Several recent studies have highlighted how fixed income strategies that integrate ESG factors into their investment process have outperformed the wider market during the ongoing Covid-19 crisis.
Our analysis also confirms this, but we don’t think the observations made during the unprecedented circumstances of this year should be the sole driver of institutional long term fixed income allocations. Assessing the data across a longer period of time should enable investors to make more informed decisions.
When analysing data from 2007 to June 2020, we observed that, in most cases, ESG integration into fixed income portfolios didn’t, at the very least, impact performance negatively. This period is relevant because it coincides with the global financial crisis and strong implementation of unconventional monetary policies, which after an eventual pause, resumed again with the Covid-19 crisis.
See also: – Can ESG outperformance continue?
More precisely, we backtested the performance of monthly rebalanced long-short (L-S) portfolios to find out the effects of overweighing (under weighting) higher (lower) rated ESG bonds. We did this for corporate and sovereign bonds for both developed and emerging markets, and for different chosen segments (selected country groups for sovereign bonds, ratings and sectors in the case of corporate bonds).
Positive results for EM sovereign bonds
In the case of sovereign bonds, the construction of portfolios which went long for the highest-ESG rated bonds and short for the lowest ESG-rated bonds in emerging markets delivered significantly better risk-adjusted returns. In particular, it may have been a mitigating risk factor in portfolios performance during the recent Covid-19-related sharp market decline.
Incorporating the social and governance factors yielded significant positive results while the integration of environmental issues in sovereign bond portfolios did not lead to significant performance results. Clearly this result is hardly surprising given that sovereign credit risk has traditionally been assessed through variables that characterises political, social and economic risk. Key factors such as governance and its effectiveness, corruption, political instability, education, inflation, fiscal policy, GDP growth, etc. have always been scrutinised by credit agencies, markets and academics. On the other hand, the Environmental risk factors analysed by ESG providers have not been used that much historically by credit agencies and markets for assessing sovereign credit risk.
In developed markets the results were a lot less significant. However, we believe that these results are likely to change in the future, particularly with the growing importance of environmental factors and the international treaties being signed to fight against climate change. Governments are likely to be increasingly scrutinised by agencies and markets in this context.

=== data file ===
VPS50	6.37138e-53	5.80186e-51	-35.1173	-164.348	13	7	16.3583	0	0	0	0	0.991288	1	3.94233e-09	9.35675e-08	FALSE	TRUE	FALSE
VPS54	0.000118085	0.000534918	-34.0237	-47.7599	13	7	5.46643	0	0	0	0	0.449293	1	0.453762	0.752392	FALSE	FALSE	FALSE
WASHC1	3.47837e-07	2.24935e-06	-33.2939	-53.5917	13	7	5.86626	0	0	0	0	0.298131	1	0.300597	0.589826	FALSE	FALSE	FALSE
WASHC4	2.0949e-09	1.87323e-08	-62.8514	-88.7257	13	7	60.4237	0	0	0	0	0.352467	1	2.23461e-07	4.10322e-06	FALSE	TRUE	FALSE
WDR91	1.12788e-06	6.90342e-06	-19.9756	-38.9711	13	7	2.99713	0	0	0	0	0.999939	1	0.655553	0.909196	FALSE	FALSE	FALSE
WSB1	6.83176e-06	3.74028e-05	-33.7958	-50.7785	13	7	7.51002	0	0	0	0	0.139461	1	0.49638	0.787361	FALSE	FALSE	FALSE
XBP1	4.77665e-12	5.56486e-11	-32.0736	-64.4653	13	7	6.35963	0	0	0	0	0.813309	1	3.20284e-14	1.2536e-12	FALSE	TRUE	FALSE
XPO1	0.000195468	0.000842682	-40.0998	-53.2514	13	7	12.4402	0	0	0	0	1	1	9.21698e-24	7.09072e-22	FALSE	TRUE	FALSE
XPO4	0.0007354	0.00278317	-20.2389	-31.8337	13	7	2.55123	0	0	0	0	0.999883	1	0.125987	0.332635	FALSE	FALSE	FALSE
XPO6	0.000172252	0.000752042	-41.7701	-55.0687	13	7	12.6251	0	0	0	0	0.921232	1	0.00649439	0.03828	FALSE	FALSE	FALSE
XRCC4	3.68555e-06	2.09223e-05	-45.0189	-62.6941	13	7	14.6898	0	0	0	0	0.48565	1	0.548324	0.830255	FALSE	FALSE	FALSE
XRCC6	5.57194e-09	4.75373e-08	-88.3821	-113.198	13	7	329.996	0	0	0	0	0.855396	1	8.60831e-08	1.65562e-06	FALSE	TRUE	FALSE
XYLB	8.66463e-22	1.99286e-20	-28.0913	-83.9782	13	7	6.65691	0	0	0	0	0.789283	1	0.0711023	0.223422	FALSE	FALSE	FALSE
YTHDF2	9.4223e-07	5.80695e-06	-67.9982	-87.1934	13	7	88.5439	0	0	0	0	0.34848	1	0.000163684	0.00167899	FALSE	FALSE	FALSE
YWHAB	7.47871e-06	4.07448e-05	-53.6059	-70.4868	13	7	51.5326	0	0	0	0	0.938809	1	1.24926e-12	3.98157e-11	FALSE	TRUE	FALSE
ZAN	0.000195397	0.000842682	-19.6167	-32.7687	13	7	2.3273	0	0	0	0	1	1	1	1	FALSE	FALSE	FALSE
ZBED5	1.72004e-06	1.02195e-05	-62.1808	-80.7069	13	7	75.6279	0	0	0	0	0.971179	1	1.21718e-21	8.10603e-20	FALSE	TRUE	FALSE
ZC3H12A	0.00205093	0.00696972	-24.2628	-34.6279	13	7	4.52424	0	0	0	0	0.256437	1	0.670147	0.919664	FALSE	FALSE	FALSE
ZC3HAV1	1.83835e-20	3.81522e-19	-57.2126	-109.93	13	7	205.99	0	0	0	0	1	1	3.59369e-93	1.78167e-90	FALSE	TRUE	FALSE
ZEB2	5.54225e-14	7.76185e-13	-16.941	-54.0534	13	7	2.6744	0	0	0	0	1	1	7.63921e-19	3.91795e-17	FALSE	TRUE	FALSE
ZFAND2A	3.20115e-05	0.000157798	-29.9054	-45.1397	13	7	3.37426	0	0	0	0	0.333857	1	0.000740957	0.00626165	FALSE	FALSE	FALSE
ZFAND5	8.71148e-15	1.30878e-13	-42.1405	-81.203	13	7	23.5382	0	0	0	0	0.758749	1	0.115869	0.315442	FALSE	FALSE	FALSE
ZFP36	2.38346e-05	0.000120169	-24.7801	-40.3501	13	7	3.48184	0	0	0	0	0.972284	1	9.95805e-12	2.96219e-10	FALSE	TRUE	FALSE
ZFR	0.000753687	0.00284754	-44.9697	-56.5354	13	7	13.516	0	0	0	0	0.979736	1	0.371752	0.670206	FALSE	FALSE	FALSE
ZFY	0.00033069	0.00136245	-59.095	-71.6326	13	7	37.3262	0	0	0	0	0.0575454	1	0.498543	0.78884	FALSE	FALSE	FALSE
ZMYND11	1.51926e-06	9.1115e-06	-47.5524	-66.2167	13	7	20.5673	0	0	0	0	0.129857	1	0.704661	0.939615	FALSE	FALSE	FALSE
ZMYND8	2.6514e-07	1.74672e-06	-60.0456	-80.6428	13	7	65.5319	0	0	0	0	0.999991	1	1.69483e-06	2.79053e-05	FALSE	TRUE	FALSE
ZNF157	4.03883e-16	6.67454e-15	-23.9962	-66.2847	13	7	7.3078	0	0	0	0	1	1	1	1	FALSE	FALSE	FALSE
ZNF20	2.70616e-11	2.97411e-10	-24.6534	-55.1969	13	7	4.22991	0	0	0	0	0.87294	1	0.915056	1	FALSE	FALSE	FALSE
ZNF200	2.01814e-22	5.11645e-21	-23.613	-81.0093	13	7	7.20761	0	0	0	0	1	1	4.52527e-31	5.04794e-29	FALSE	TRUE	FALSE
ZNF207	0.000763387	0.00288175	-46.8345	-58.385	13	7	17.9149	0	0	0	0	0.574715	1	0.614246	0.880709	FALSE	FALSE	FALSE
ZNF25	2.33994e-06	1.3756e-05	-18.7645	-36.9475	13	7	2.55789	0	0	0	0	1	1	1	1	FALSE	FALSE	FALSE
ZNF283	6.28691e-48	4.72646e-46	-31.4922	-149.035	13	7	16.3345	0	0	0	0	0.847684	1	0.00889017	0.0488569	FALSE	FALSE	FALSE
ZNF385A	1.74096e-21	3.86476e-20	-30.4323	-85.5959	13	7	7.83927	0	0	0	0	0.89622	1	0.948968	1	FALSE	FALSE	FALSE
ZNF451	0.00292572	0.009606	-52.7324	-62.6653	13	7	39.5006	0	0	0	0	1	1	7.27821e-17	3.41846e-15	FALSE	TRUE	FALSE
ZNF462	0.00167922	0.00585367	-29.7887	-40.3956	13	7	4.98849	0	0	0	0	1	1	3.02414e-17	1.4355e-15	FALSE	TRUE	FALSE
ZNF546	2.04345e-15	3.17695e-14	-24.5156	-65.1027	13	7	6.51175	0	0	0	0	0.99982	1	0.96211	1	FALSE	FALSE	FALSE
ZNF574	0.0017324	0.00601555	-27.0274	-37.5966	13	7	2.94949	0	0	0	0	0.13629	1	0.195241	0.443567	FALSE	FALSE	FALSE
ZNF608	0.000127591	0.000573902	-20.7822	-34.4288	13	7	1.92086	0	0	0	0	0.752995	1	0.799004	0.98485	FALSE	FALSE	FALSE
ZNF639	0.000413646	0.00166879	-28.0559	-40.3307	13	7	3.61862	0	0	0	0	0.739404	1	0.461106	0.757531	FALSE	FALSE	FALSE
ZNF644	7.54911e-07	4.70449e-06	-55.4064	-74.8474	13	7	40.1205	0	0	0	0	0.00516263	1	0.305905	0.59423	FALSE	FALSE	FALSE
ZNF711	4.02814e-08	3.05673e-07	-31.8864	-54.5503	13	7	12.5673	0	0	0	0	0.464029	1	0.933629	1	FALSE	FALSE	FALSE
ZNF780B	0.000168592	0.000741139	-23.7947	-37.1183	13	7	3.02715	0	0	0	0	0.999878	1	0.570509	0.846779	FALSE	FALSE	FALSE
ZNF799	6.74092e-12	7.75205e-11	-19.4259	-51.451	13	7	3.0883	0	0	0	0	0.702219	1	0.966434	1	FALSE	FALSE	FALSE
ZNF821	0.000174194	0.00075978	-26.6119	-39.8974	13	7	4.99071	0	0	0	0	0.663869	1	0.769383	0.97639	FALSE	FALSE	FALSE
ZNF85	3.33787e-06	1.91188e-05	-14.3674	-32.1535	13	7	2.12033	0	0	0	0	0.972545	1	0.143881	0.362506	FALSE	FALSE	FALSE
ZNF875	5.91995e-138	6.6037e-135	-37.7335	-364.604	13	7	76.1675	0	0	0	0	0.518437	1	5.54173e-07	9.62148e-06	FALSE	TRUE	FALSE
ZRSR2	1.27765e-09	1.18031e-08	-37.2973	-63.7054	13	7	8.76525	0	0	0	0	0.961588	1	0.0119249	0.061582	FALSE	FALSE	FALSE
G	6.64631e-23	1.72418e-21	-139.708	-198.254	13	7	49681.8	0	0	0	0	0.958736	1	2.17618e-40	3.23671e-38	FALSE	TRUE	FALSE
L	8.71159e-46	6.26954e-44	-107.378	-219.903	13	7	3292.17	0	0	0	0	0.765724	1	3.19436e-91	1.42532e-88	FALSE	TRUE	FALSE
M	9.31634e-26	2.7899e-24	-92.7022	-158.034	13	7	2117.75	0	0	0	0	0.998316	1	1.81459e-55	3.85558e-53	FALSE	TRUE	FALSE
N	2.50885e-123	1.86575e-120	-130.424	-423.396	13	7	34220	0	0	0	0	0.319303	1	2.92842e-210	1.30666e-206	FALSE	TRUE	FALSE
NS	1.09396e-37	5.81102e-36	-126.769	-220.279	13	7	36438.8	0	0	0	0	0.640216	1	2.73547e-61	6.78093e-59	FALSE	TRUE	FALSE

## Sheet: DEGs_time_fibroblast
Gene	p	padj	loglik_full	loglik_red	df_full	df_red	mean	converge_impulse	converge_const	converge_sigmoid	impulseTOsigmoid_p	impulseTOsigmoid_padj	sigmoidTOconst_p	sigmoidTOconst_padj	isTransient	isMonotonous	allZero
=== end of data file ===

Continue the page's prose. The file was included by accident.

Positive results for developed markets corporates
Investment grade corporate bond performance in L-S portfolios highlighted that, overall, the integration of ESG was effective for issuers in developed markets – but not as significant in emerging / frontier markets. Overweighting corporate bonds with better ESG quality in developed corporate markets delivered positive risk-adjusted returns in various market segments – especially for the BBB segment in industrials and utilities – with the environmental factor acting as a key differentiator, particularly from 2012 onwards – when MSCI extended its ESG rating coverage – followed by social and governance, in that order.
When testing ESG signals in long-only investment grade corporate bond strategies in developed markets, the portfolios delivered positive risk-adjusted returns for EUR and GBP issuers before transaction costs. The outperformance after transaction costs remained positive, though with lower information ratios.
The ESG factor
Given that ESG scores have not been in use for very long, we can’t say that an ‘ESG factor’ has been identified. In other words, we can’t say that integrating ESG considerations into a fixed income portfolio would systematically improve its performance. However, what’s clear is that the integration of ESG in fixed income portfolios did not harm returns. In fact, during the period of time analysed, it added value to investors in most circumstances.
Nevertheless, it is important to note that, according to our research work, ESG high-rated bonds tend to have a lower beta. They generally allow a clear reduction of risks but may also imply – and to a minor extent – a potential reduction of the absolute performance. It means that the integration of ESG in a fixed-income investment solution requires an informed and sensible portfolio design in order to mitigate unwanted bias.